Jun 21, 2015

What the “Coexist” Bumper Sticker REALLY Means [Meme]

By on Sunday, June 21, 2015

From the 1960s to the late 1990s, John Barrett Kelly was one of the most influential advisors, writers, and commentators on the Middle East. In 1980 his book Arabia, the Gulf, and the West was prophetic in its analysis of the strategic importance of the Middle East and the need for a Western “forward policy” in the Gulf in order to protect U.S. and European interests, particularly oil and its transport, against both Soviet adventurism and the greed of Middle Eastern potentates. Like all his writing, his advice was based on an intimate knowledge of the region and its culture, especially the tribal mentality intertwined with Islam, a faith historically hostile to Western civilization.

Islam Through the Looking Glass is the third and final volume of Kelly’s reviews and essays, this one collecting work from the 1980s and 1990s. They cover numerous key crises in the region during those decades, from the Iranian Revolution to the first Gulf War and its aftermath. The thematic thread running through his work is the chronic misunderstanding of Islam’s doctrines, culture, and worldview that has compromised Western foreign policy since World War I. Reading these observations today––when the same misunderstandings and distortions are determining our reactions to Iran’s nuclear ambitions, the global spread of jihadism, and the bloody rampage of ISIS in northern Iraq––is to be reminded of Santayana’s by now trite but no less true observation that forgetting history dooms one to repeat it.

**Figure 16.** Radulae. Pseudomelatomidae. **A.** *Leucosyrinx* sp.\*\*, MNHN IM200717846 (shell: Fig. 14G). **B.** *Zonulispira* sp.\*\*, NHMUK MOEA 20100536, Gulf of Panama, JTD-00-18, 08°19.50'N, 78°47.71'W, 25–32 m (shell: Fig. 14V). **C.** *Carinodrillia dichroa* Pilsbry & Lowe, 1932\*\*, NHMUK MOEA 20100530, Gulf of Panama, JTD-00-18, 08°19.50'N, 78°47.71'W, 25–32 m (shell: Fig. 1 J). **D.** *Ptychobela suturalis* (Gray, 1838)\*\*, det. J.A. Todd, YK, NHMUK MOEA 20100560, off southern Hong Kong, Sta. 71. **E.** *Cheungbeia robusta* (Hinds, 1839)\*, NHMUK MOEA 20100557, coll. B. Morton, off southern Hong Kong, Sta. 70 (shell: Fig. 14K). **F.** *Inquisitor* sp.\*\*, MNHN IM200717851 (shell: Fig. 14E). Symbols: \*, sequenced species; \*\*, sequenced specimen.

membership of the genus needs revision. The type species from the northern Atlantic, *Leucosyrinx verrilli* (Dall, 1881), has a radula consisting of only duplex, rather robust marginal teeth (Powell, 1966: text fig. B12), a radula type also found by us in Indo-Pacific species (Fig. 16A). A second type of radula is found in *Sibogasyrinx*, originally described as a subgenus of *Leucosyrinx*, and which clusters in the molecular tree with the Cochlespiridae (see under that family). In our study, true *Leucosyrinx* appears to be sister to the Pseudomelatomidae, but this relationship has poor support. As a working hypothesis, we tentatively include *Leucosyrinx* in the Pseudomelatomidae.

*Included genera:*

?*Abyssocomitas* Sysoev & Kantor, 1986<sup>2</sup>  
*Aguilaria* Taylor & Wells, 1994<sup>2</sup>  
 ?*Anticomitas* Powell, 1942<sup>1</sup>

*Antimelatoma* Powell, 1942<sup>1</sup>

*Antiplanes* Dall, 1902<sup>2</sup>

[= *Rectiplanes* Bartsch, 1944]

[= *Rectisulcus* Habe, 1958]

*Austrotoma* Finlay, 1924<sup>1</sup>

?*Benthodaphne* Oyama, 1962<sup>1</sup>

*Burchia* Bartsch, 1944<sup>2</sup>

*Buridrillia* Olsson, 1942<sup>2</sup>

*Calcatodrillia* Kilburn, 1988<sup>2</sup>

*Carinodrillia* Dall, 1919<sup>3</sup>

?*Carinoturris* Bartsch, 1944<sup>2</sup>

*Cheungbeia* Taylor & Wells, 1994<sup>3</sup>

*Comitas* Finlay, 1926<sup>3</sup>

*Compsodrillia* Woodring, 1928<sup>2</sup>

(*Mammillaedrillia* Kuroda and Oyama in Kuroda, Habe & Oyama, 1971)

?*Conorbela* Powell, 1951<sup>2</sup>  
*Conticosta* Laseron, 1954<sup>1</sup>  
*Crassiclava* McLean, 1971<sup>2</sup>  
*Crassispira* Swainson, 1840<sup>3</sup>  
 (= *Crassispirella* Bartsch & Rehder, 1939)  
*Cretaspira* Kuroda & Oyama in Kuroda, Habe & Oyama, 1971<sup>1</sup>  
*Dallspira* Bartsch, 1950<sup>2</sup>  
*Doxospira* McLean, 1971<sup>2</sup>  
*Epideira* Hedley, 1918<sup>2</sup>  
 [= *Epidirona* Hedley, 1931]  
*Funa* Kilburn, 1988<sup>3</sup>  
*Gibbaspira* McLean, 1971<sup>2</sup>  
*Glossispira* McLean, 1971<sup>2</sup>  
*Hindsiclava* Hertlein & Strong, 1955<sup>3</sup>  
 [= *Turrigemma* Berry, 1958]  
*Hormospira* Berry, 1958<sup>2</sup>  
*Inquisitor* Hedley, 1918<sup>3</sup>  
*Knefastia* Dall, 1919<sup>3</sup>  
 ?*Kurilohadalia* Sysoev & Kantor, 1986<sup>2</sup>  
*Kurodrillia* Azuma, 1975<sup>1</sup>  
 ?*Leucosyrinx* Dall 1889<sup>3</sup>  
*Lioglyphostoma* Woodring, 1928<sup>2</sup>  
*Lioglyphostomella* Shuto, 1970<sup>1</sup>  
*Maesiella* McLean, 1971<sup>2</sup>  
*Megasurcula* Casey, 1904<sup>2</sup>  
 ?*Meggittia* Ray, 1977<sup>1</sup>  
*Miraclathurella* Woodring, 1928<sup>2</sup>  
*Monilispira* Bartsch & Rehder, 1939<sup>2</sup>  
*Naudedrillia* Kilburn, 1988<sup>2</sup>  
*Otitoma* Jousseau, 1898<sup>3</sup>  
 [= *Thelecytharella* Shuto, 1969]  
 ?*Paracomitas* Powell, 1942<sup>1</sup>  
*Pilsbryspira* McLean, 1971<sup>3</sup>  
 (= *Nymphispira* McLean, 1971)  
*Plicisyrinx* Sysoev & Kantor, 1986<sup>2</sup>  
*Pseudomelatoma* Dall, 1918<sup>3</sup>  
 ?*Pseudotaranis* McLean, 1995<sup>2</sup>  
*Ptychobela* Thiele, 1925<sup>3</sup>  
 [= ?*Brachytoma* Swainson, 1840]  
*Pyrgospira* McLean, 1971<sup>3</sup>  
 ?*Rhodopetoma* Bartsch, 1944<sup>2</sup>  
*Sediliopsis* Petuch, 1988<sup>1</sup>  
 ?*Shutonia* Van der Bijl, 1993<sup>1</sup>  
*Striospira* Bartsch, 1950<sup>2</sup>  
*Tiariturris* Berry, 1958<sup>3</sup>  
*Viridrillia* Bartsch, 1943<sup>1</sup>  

One of Kelly’s insights is that Westerners, particularly the British, serially suffered failures of imagination in analyzing the motives of Middle Eastern regimes and their actions. The lead essay of Kelly’s new book, “Islam Through the Looking Glass,” documents Western misunderstandings of Islamic culture and the misguided policies that resulted . Back in the 1980s, when he delivered the talk on which this essay is based, Kelly criticized the mentality, still with us today, that claimed “we have nothing to fear from Islam, least of all any deep-rooted animosity against the West.” Also like today, evidence to the contrary was rationalized as the result of “justified resentment felt . . . at past oppression and exploitations by the peoples of Europe and by the creation of Israel.”

How many times for nearly four decades have we heard similar justifications for Muslim violence based on the West’s alleged imperialist and colonialist sins, or the festering conflict between Israel and her Arab neighbors? Yet as Kelly points out in another essay, one has only to study “the upheavals which have racked the Arab world” or “the bizarre alignments that currently adorn the Arab landscape, to conclude that the Palestinian issue is incidental to the chronic distemper” afflicting the region. This insight is confirmed today by the close cooperation of Israel with Egypt, Jordan, and Saudi Arabia in confronting the serious threat to all four countries posed by Iran and its attempt to manufacture nuclear weapons, a danger having nothing to do with the Palestinian issue.
This foreign policy mistake of assuming other peoples think and believe as we do has been continually made by the West for decades. …


Post a Comment